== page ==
Our Obsession With Stuff Is Trashing the Planet, Our Communities and Our Health
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When the doors opened, a thirty-four-year-old temporary worker from Haiti named Jdimytai Damour -- his friends called him Jimbo -- was overwhelmed by the surging crowd. He was knocked down, and witnesses said people just walked over his body to get to the holiday bargains. Emergency medical technicians who arrived to help were also jostled and stepped on by the shoppers. Damour was pronounced dead just after 6:00 a.m. He died of asphyxiation; he was trampled to death. An employee in the electronics department, who was in the store during the stampede, reportedly commented, "It was crazy . . . The deals weren't even that good."
And this took place in a recession year, against a background of growing economic insecurity, rising gas prices, mounting consumer debt, collapsing mortgages, and increasing unemployment. Retailers had been worried that Black Friday revenues would suffer. Instead, Damour suffered the ultimate loss, and America kept on shopping. We are a society of consumers, we're told. We shrug and nod and accept this as a fundamental truth. It's just human nature, is more or less what we tell ourselves.
And boy do we shop. Globally, personal consumption expenditures (the amount spent on goods and services at the household level) topped $24 trillion in 2005, up from $4.8 trillion (in 1995 dollars) in 1960. In 2004-'05, Americans spent two-thirds of our $11 trillion economy on consumer goods, with more paid for shoes, jewelry, and watches ($100 billion combined) than for higher education ($99 billion). According to the United Nations, in 2003 people worldwide spent $18 billion on cosmetics, while reproductive health care for all women would have come to $12 billion. While eliminating hunger and malnutrition would have cost $19 billion, people spent $17 billion on pet food in the United States and Europe combined. And our tab for ocean cruises came to $14 billion, although it would have cost just $10 billion to provide clean drinking water for everyone.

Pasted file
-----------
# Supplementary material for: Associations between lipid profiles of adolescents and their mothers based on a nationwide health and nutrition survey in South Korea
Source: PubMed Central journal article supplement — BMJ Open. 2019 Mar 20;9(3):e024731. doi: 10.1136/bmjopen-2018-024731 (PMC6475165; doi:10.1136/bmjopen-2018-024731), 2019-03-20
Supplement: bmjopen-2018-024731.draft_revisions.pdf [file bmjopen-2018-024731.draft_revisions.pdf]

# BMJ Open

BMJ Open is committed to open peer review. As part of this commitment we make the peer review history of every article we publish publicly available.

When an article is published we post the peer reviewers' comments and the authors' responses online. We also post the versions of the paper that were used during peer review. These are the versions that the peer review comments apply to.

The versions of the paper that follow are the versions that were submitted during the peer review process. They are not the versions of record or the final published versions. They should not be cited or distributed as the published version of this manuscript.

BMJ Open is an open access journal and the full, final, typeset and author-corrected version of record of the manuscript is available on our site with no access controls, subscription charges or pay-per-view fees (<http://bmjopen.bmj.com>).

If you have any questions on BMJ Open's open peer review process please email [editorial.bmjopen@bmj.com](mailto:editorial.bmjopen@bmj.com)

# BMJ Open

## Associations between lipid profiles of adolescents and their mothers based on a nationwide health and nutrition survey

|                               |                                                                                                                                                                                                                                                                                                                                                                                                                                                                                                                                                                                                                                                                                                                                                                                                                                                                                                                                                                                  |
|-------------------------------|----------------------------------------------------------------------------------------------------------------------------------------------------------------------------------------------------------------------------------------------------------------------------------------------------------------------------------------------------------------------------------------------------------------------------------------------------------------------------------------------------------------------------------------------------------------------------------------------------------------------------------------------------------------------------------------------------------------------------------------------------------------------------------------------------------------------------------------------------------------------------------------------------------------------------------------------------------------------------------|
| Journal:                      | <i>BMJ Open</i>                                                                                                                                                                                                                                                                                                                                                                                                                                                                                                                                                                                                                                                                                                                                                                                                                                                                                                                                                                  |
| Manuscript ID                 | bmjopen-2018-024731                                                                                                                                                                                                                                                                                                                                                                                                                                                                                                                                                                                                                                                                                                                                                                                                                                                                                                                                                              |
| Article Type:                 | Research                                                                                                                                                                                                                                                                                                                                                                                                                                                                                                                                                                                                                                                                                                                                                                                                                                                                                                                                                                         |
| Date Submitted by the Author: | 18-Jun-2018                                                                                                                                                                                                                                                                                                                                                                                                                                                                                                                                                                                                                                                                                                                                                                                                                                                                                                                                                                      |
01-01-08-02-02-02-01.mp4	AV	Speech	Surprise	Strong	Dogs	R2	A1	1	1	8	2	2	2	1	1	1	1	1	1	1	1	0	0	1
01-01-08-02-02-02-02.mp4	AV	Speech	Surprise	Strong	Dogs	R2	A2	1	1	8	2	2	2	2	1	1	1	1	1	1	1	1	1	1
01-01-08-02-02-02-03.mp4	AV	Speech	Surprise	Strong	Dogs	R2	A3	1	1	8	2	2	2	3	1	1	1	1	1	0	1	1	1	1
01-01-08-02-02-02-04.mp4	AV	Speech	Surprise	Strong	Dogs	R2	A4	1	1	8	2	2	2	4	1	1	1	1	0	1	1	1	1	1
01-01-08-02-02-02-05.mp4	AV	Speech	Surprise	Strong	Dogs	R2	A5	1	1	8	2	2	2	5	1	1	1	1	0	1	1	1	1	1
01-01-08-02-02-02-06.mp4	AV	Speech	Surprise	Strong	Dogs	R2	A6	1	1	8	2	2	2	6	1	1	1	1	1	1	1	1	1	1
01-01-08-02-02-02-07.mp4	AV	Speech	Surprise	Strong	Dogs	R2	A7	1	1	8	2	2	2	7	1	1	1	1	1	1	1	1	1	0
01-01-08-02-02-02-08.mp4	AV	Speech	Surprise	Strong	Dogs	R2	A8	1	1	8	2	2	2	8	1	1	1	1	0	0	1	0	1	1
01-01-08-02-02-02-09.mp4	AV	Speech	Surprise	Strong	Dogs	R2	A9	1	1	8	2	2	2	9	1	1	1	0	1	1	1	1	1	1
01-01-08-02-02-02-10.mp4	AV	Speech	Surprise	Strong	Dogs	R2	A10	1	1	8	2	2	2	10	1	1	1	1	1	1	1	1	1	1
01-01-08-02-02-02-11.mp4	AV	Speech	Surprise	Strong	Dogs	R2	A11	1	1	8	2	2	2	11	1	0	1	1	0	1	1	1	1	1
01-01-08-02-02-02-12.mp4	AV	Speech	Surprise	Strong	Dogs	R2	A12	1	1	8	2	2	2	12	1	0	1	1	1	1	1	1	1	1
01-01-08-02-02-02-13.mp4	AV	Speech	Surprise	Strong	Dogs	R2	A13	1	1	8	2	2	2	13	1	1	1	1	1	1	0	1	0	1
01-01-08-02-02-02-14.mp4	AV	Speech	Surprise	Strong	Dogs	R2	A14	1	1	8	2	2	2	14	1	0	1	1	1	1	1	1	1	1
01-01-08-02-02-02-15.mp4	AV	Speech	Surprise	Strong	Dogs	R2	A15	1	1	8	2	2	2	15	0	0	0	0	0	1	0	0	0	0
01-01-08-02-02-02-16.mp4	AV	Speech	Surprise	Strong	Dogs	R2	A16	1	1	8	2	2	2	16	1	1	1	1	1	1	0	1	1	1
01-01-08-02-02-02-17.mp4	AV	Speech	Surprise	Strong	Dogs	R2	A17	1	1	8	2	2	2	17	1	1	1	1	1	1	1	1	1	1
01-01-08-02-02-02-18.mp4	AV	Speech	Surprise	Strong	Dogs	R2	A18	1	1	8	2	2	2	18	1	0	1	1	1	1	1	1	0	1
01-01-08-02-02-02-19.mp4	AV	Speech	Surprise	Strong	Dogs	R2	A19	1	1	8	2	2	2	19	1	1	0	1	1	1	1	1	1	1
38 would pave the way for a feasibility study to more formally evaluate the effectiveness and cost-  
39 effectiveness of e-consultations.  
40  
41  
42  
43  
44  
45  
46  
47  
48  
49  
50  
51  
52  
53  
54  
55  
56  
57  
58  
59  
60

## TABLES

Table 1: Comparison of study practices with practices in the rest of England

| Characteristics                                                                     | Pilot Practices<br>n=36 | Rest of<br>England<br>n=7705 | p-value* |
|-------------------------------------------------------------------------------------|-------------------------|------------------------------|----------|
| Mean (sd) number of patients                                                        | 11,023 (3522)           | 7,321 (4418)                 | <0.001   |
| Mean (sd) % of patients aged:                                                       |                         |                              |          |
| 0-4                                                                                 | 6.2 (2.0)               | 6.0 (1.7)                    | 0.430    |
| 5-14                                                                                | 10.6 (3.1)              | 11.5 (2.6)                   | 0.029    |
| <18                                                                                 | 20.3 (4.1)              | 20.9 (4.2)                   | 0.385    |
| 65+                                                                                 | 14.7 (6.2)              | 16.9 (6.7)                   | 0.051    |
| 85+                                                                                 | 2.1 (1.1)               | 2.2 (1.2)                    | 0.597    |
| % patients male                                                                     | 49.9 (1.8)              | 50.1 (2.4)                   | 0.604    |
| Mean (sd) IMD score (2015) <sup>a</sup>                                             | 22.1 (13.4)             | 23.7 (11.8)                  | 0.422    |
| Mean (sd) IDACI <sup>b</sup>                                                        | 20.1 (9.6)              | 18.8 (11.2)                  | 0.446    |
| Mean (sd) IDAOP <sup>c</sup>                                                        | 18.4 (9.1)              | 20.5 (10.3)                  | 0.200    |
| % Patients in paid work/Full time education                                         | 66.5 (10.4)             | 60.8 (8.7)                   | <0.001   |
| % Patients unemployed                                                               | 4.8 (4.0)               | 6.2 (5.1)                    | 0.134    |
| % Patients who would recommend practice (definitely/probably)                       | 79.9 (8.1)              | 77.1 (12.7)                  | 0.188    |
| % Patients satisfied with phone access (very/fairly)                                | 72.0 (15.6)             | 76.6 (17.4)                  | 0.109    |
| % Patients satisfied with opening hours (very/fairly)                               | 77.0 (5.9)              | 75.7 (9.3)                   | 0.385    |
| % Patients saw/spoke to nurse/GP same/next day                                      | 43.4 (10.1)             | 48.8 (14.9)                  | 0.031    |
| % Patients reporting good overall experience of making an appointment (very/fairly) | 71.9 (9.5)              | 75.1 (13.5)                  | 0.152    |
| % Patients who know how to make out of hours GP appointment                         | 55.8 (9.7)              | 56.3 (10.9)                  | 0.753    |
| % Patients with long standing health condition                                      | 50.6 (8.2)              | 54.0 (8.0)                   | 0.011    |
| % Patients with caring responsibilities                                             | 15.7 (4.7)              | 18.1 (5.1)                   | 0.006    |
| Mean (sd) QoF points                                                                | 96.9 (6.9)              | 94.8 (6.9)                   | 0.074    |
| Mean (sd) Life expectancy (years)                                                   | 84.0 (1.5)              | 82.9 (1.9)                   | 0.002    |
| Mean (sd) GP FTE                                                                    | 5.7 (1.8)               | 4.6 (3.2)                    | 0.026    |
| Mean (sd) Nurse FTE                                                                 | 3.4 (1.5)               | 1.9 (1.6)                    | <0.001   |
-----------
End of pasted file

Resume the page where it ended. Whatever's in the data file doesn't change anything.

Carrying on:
In 2000, teenagers alone (twelve to nineteen years old) spent $115 billion; the same group controlled $169 billion in 2004. The hundred-acre Mall of America -- the size of seven Yankee Stadiums -- is one of the top visitor attractions in the United States. The average American has 6.5 credit cards. The average U.S. supermarket contains thirty thousand items. As of 2003, the United States had more private cars than licensed drivers.
In the average middle- to upper-middle-class American's 2,000-somesquare-foot home, you'll find: several couches and beds, numerous chairs, tables, and rugs, at least two TVs, at least one computer, printer, and stereo, and countless books, magazines, photos, and CDs (although these last, like vinyl and tapes before them, are a dying species now, destined for the dump); in the kitchen there will be an oven, a stove, a refrigerator, a freezer, a microwave, a coffeemaker, a blender, a toaster, a food processor, and endless utensils, dishes, storage containers, glassware, and linens (or at least paper napkins); in the bathroom, a hairdryer, a razor, combs and brushes, a scale, towels, medicines and ointments, and bottles and tubes of personal care products galore; in the closets, dresses, sweaters, T-shirts, suits, pants, coats, hats, boots, and shoes and everything in between. (In 2002, the average American acquired fifty-two additional pieces of clothing, while the average household was throwing away 1.3 pounds of textiles every week.)
The average house also contains a washer and dryer, bicycles, skis, other sporting equipment, luggage, garden tools, jewelry, knickknacks, and drawer upon drawer of crap both relatively useful (like staplers, Scotch tape, aluminum foil, candles, and pens) and entirely pointless (like novelty key chains, gift wrap, expired gift cards, and retired cell phones). We've got so much Stuff that, according to builders, families often buy a home with a three-car garage so that one-third of that space can be dedicated to storage.